Utilisation Focused Evaluation
The main emphasis of the FMFI project is to conduct research in cooperation with a range of partners, to find innovative solutions to connectivity problems in deep rural settings, to document these and to disseminate the results so that other practitioners could benefit from the lessons learnt. The focus in the monitoring and evaluation activities in the project therefore is on utilisation. Michael Quinn Patton’s utilisation-focused evaluation (U-FE) framework has direct relevance in terms of intended use by intended users of the lessons learnt in the FMFI projects. Extracts of the framework are given here to be applied in the FMFI project.
Utilization-Focused Evaluation (U-FE) begins with the premise that evaluations should be judged by their utility and actual use; therefore, evaluators should facilitate the evaluation process and design any evaluation with careful consideration of how everything that is done, from beginning to end, will affect use. Use concerns how real people in the real world apply evaluation findings and experience the evaluation process. Therefore, the focus in utilization-focused evaluation is on intended use by intended users. Since no evaluation can be value-free, utilization-focused evaluation answers the question of whose values will frame the evaluation by working with clearly identified, primary intended users who have responsibility to apply evaluation findings and implement recommendations.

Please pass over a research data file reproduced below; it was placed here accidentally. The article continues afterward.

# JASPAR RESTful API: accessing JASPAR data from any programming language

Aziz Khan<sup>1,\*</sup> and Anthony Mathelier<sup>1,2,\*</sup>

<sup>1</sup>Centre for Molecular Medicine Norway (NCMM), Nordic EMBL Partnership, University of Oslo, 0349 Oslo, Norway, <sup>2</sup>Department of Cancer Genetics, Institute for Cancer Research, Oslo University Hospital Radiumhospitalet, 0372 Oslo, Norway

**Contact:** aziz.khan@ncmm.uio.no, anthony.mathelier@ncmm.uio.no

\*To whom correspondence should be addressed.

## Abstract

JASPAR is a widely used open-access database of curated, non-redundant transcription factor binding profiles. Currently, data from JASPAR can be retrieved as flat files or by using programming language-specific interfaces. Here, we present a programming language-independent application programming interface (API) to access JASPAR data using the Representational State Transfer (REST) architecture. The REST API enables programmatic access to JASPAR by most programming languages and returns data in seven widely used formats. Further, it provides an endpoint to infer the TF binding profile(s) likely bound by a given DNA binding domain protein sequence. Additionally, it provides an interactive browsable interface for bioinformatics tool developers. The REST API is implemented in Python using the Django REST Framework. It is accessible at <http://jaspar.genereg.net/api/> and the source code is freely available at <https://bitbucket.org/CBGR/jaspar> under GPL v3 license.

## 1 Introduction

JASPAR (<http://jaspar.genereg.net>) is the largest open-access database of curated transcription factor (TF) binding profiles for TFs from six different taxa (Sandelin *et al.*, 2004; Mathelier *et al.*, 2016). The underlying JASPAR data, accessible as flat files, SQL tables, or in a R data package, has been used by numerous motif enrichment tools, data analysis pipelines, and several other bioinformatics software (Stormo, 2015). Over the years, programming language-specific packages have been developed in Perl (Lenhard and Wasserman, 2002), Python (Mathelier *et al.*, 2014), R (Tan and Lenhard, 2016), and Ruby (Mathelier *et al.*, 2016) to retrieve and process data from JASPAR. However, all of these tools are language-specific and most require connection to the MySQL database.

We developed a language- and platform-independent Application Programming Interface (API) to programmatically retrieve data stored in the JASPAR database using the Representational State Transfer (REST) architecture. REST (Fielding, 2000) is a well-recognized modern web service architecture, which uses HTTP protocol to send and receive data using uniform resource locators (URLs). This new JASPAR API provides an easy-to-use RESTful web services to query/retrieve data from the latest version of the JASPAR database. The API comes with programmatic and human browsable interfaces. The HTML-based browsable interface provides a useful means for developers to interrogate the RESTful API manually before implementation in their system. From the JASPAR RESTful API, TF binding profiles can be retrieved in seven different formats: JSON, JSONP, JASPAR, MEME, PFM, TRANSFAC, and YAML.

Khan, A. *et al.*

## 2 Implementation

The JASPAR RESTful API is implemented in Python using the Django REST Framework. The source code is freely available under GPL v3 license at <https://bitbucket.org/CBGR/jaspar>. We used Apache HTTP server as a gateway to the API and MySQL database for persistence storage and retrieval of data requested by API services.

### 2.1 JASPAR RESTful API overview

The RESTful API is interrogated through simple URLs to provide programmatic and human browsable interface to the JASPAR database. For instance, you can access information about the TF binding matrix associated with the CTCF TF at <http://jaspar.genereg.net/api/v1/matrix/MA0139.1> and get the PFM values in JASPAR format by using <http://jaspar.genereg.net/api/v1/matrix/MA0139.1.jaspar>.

Utilization-focused evaluation does not advocate any particular evaluation content, model, method, theory, or even use. Rather, it is a process for helping primary intended users select the most appropriate content, model, methods, theory, and uses for their particular situation. Situational responsiveness guides the interactive process between evaluator and primary intended users. A utilization-focused evaluation can include any evaluative purpose (formative, summative, developmental), any kind of data (quantitative, qualitative, mixed), any kind of design (e.g., naturalistic, experimental), and any kind of focus (processes, outcomes, impacts, costs, and cost-benefit, among many possibilities). Utilization-focused evaluation is a process for making decisions about these issues in collaboration with an identified group of primary users focusing on their intended uses of evaluation.(1)